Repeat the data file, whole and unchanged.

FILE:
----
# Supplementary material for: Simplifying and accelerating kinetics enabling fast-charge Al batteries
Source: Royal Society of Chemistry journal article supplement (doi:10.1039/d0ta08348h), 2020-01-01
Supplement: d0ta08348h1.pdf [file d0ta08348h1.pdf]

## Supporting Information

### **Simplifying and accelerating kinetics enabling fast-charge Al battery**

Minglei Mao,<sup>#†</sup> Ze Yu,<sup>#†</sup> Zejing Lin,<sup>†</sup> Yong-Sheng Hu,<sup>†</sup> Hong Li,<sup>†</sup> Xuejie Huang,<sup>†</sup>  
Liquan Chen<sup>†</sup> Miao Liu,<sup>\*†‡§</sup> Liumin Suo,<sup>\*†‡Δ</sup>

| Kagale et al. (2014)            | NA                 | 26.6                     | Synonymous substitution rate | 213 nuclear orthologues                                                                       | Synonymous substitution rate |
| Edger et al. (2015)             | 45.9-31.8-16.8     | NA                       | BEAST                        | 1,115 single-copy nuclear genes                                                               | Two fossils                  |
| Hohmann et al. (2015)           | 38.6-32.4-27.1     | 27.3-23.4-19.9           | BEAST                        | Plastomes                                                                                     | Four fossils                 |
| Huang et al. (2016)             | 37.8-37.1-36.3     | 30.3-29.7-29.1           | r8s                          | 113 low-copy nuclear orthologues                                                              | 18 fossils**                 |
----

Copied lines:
# Supplementary material for: Simplifying and accelerating kinetics enabling fast-charge Al batteries
Source: Royal Society of Chemistry journal article supplement (doi:10.1039/d0ta08348h), 2020-01-01
Supplement: d0ta08348h1.pdf [file d0ta08348h1.pdf]

## Supporting Information

### **Simplifying and accelerating kinetics enabling fast-charge Al battery**

Minglei Mao,<sup>#†</sup> Ze Yu,<sup>#†</sup> Zejing Lin,<sup>†</sup> Yong-Sheng Hu,<sup>†</sup> Hong Li,<sup>†</sup> Xuejie Huang,<sup>†</sup>  
Liquan Chen<sup>†</sup> Miao Liu,<sup>\*†‡§</sup> Liumin Suo,<sup>\*†‡Δ</sup>

| Kagale et al. (2014)            | NA                 | 26.6                     | Synonymous substitution rate | 213 nuclear orthologues                                                                       | Synonymous substitution rate |
| Edger et al. (2015)             | 45.9-31.8-16.8     | NA                       | BEAST                        | 1,115 single-copy nuclear genes                                                               | Two fossils                  |
| Hohmann et al. (2015)           | 38.6-32.4-27.1     | 27.3-23.4-19.9           | BEAST                        | Plastomes                                                                                     | Four fossils                 |
| Huang et al. (2016)             | 37.8-37.1-36.3     | 30.3-29.7-29.1           | r8s                          | 113 low-copy nuclear orthologues                                                              | 18 fossils**                 |